After four years he was suddenly released and reunited with his wife, Choe Eun-hui, at a lavish government party.
In his autobiography, Shin recalled a conversation with Kim Jong-il over soft drinks at the event.
"The North's filmmakers are just doing perfunctory work," said Kim, at the time the country's culture minister. "They don't have any new ideas.
"Their works have the same expressions, redundancies, the same old plots. All our movies are filled with crying and sobbing. I didn't order them to portray that kind of thing."
And so, Shin and Choe were put to work as film-makers for the regime.
Among the seven movies they released while under Kim's command was Pulgasari, a communist version of Godzilla, and a drama that included the country's first on-screen kiss.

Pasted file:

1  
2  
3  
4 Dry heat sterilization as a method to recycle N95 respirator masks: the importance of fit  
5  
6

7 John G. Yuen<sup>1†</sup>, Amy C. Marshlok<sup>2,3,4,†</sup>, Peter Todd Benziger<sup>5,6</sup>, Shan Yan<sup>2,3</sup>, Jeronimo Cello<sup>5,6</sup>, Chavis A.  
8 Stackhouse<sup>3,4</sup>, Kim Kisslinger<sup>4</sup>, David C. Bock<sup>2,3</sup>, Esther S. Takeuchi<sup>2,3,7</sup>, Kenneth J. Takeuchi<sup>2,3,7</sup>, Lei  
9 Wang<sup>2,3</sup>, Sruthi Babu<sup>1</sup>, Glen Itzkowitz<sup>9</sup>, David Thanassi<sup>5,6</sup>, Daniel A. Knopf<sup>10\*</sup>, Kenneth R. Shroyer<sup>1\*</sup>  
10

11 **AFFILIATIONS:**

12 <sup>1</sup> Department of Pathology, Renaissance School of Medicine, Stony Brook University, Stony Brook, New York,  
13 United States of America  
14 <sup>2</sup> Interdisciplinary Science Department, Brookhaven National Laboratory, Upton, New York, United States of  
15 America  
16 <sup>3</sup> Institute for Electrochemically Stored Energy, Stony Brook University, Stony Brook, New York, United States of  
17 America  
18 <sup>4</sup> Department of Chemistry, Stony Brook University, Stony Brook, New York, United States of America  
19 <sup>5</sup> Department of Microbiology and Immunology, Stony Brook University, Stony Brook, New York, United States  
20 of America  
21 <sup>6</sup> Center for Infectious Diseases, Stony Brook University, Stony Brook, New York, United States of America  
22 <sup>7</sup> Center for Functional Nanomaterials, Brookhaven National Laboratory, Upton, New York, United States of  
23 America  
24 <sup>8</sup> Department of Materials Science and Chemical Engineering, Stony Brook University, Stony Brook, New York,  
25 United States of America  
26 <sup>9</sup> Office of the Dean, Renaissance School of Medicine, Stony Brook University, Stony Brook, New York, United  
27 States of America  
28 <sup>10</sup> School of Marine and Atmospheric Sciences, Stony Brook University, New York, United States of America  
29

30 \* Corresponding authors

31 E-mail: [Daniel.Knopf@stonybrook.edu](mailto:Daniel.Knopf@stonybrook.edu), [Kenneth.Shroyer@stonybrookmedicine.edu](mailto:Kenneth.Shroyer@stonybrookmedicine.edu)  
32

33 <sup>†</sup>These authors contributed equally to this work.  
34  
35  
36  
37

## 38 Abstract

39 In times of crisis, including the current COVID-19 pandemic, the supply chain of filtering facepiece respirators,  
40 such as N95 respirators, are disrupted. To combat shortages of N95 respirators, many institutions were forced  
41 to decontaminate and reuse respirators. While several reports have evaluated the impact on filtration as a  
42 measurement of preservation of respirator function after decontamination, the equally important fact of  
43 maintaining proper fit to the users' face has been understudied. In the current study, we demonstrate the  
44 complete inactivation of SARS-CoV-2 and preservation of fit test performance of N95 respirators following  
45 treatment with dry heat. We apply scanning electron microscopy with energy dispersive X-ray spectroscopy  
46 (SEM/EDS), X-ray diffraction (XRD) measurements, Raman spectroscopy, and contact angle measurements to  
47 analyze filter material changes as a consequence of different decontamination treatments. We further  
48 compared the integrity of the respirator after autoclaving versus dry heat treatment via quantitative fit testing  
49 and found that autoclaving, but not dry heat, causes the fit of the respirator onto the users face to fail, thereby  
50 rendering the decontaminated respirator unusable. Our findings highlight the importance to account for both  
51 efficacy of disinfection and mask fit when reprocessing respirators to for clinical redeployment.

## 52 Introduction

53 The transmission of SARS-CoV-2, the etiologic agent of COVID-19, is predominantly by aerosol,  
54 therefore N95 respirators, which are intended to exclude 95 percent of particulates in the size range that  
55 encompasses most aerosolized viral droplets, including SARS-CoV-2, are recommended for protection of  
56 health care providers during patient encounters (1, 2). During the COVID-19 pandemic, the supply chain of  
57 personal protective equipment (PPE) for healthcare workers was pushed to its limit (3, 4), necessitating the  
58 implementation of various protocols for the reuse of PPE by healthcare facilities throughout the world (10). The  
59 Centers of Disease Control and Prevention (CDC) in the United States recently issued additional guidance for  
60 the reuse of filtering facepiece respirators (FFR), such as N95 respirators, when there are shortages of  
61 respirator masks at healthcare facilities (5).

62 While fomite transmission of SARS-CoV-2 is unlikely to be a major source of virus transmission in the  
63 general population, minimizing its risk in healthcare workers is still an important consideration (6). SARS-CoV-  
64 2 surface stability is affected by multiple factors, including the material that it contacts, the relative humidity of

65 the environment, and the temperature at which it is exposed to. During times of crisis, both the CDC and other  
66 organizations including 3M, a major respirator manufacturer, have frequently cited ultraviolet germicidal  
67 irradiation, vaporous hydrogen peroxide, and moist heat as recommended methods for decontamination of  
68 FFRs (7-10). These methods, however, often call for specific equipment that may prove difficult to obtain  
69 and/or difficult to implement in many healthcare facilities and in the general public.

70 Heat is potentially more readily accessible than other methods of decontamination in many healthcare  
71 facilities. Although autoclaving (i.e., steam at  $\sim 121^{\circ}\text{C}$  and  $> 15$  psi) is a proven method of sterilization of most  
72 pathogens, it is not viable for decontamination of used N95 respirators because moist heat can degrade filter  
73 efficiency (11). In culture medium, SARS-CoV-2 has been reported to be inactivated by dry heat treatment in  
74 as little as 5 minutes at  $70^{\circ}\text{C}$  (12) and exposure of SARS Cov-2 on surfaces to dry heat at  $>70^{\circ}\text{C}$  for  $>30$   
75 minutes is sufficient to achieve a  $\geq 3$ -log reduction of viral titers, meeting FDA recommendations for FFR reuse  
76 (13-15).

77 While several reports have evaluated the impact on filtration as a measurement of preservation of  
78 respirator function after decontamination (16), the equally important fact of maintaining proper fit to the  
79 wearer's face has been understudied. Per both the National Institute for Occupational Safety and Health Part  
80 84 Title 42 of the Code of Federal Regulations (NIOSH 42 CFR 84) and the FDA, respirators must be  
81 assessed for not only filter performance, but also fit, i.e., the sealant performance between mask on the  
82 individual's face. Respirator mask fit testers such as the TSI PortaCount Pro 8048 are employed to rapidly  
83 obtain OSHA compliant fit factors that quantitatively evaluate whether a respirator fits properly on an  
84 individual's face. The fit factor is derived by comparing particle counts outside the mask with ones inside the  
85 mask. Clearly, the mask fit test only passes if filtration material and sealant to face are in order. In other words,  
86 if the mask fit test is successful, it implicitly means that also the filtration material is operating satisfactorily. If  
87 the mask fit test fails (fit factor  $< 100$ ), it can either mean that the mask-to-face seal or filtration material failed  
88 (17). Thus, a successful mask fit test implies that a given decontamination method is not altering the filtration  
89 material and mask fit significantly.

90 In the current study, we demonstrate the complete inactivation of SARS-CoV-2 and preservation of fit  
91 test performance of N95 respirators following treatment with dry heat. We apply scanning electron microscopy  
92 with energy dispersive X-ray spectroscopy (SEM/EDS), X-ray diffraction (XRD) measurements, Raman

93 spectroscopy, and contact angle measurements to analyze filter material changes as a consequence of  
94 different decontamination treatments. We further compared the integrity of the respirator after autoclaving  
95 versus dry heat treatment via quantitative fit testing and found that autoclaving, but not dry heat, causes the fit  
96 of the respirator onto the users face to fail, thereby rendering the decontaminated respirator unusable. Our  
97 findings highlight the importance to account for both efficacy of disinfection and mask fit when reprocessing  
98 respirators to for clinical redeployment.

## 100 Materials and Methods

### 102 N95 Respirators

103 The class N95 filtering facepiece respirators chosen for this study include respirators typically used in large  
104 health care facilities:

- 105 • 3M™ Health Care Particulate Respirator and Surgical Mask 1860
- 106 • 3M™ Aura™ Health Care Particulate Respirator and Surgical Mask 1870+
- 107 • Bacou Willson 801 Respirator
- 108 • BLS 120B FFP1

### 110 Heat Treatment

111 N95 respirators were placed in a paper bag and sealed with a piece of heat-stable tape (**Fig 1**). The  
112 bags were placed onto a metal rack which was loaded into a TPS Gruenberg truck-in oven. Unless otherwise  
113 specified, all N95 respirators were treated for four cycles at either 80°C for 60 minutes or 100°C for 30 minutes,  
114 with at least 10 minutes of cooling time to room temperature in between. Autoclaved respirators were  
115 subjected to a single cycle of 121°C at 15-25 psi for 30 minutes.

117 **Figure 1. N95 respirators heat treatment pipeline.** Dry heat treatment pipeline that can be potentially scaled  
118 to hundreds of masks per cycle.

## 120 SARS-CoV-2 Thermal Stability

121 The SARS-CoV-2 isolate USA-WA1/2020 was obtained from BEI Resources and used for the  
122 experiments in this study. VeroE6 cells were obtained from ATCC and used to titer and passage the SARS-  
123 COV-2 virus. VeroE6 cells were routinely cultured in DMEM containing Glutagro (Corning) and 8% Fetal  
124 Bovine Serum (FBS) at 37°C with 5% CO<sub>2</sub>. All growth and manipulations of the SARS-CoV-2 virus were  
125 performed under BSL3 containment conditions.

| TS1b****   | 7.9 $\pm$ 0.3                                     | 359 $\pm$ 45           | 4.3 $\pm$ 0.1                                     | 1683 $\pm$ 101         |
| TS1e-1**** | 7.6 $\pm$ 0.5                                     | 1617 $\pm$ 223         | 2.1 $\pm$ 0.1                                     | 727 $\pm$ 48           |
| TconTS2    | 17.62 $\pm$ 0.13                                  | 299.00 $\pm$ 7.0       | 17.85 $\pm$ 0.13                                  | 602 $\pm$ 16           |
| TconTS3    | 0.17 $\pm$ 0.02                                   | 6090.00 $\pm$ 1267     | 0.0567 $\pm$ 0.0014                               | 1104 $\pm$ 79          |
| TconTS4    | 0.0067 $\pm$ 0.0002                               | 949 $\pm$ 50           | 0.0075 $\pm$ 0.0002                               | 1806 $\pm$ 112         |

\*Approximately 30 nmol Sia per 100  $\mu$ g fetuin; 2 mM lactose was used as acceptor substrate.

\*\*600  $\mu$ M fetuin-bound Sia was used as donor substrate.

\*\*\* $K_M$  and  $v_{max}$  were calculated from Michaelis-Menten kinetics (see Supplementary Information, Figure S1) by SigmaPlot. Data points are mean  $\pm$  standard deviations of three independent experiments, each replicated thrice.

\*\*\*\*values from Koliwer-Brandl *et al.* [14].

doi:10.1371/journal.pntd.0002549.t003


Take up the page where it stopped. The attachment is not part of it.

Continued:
Their situation was not comfortable - they were essentially under house arrest when they were not on set. But Shin said he had unparalleled access to the reclusive Kim.
"He listened to me because we were from South Korea," Shin told The Guardian in 2003. "Even though we criticised some things, he wanted us to be honest. Others would have been killed for speaking so honestly".
Shin and his wife finally escaped during a trip to Vienna in 1986, shortly after completing work on Pulgasari.
The monster movie remains one of the few North Korean films available internationally (it can also be seen on YouTube) and comes complete with an executive producer credit for Kim Jong-il.
The plot revolves around a small doll that magically comes to life when it touches blood.
The doll grows into a giant, metal-eating monster that helps peasants overthrow their leader, only to find themselves enslaved by the creature's constant desire for resources - a metaphor for capitalism.